Failure to Monitor Lawyers in Atlanta
Because a patient is very vulnerable during surgery, his or her vital signs must be monitored throughout a procedure. Monitoring before, during, and after surgery allows the surgical team to notice any problems developing so they can take quick action and resolve them.
Proper monitoring requires that the physician, and especially the anesthesiologist, be familiar with a patient’s full medical history. This is important because certain medical conditions, such as a history of seizures, obesity, high blood pressure, obstructive sleep apnea, and adverse reactions to anesthesia are risk factors for complications during surgery. Diabetes, smoking, alcohol use, use of aspirin or herbs that can create thinning of the blood, drug allergies, and any history of lung, kidney, or heart issues are additional risk factors for surgery/anesthesia complications, and may require additional or more stringent monitoring of a patient.
The drugs used for anesthesia can affect the central nervous system, which controls important organs such as the heart and lungs. Anesthesia can also suppress breathing, heartbeat, blood pressure, and other body functions. Because of this, the anesthesia team must closely monitor a patient’s heart rate and rhythm, blood pressure, and oxygen saturation.
Because surgery requires a patient to be immobilized and stationary for an extended amount of time, surgical positioning is extremely important. Improper body positioning of a patient during a procedure can cause nerve damage, pressure ulcers (bedsores), circulatory issues, cell death, brain damage, severe blood loss, anesthesia errors, and other injuries. It is up to the surgical team to position the patient correctly, and with the proper padding, so that surgical positioning injuries are prevented. The surgical team may also be required to adjust a patient’s body position during a procedure to keep such injuries from occurring.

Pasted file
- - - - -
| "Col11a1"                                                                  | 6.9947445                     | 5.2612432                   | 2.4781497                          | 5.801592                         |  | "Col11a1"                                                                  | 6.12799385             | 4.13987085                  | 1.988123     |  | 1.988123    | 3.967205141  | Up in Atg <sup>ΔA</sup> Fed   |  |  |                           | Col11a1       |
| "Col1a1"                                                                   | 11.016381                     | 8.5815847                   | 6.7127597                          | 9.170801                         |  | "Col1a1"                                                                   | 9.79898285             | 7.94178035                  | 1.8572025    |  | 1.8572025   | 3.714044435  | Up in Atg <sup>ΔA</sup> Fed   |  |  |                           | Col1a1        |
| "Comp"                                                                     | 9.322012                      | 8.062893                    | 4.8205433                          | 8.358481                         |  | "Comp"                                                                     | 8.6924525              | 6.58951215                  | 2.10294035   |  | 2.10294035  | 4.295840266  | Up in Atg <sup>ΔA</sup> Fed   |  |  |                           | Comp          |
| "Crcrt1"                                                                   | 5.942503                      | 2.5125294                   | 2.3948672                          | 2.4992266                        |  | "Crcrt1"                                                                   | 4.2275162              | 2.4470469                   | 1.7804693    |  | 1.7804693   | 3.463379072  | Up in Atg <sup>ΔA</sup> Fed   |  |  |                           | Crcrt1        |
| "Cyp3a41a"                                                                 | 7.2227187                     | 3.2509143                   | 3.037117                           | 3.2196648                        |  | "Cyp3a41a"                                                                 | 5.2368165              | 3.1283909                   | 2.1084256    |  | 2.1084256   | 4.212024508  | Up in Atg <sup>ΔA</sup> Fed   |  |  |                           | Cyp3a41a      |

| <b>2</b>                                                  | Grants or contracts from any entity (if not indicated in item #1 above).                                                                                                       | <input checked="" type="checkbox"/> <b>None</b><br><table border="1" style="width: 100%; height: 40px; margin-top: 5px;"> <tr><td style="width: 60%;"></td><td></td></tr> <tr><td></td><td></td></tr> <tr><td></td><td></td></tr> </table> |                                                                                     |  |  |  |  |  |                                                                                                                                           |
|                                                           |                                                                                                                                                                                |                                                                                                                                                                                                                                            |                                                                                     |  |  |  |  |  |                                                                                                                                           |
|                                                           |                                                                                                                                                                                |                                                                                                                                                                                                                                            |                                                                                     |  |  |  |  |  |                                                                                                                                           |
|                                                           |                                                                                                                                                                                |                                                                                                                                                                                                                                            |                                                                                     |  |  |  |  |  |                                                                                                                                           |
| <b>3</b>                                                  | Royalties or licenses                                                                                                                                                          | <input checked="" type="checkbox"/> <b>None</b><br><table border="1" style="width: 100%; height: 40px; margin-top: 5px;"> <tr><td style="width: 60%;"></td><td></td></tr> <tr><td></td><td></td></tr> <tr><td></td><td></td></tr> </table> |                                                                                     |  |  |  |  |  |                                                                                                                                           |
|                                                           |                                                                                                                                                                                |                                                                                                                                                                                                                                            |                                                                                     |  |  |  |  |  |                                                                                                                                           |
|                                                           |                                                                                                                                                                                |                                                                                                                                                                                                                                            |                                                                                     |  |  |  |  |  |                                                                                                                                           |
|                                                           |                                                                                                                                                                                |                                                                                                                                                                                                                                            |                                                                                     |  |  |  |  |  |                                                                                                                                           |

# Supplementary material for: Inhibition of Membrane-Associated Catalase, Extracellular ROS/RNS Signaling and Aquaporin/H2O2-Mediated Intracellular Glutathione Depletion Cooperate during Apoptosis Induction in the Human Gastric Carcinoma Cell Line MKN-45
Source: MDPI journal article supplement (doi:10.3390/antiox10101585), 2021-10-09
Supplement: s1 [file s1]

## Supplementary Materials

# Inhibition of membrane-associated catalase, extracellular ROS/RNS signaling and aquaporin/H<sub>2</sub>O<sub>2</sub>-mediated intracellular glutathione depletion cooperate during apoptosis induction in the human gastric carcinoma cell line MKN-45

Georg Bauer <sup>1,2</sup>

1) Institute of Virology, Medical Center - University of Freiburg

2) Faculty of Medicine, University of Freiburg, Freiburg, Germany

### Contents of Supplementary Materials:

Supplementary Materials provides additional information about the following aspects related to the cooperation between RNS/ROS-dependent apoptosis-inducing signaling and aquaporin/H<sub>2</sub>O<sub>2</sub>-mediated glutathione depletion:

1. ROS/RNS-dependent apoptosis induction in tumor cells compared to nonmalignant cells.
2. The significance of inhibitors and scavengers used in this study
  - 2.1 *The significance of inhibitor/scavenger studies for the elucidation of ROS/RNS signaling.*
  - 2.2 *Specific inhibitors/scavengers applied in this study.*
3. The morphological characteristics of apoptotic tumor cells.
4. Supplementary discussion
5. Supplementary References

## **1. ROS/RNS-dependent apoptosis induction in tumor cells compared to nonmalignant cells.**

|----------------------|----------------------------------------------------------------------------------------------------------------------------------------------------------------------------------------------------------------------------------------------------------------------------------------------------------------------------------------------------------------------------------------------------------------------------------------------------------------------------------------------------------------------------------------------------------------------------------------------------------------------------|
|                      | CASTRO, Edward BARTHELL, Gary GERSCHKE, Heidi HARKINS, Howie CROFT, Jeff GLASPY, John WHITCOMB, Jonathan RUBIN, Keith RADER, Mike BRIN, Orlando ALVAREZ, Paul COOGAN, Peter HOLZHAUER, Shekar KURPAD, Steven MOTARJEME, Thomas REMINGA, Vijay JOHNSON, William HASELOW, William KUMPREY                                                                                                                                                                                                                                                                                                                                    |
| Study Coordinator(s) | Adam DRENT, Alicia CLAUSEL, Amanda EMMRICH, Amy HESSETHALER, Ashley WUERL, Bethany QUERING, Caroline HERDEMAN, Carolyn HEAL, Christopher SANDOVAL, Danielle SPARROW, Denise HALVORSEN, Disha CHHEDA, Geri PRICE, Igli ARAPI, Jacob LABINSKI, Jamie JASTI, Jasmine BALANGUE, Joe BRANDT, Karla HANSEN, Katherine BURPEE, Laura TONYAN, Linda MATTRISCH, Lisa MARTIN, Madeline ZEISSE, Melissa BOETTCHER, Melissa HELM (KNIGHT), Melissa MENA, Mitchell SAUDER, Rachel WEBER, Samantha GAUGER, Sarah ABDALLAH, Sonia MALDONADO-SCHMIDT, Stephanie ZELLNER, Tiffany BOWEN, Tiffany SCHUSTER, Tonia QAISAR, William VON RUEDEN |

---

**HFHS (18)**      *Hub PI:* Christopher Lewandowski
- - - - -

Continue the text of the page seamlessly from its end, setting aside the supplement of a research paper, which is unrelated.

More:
The time limit for filing a medical malpractice lawsuit in Georgia is generally two years from the date of the injury or death. However, in cases where the cause of the injury or death isn’t discovered until later, the time limit for filing a medical malpractice claim is two years from the date that the cause or injury was actually discovered, up to five years total in which to file a claim under Georgia’s statute of repose.
The statute of limitations for medical malpractice claims regarding children is slightly different. Claims for the injury or death of a child at any age under 5 years old can be filed any time before his or her 7th birthday.
The husband and wife team of Wayne Grant and Kimberly W. Grant has many years of medical malpractice experience. Wayne Grant is board-certified in medical malpractice law by the American Board of Professional Liability Attorneys (ABPLA). He is also in the top 5% of attorneys in Georgia, as chosen by his peers and through independent research conducted by the publication Super Lawyers. Kimberly W. Grant is licensed to practice law in both North Carolina and Georgia. She has extensive medical knowledge and detective-like skill in finding the evidence that wins cases. Please contact us for a free consultation if you have questions: (404) 995-3955.
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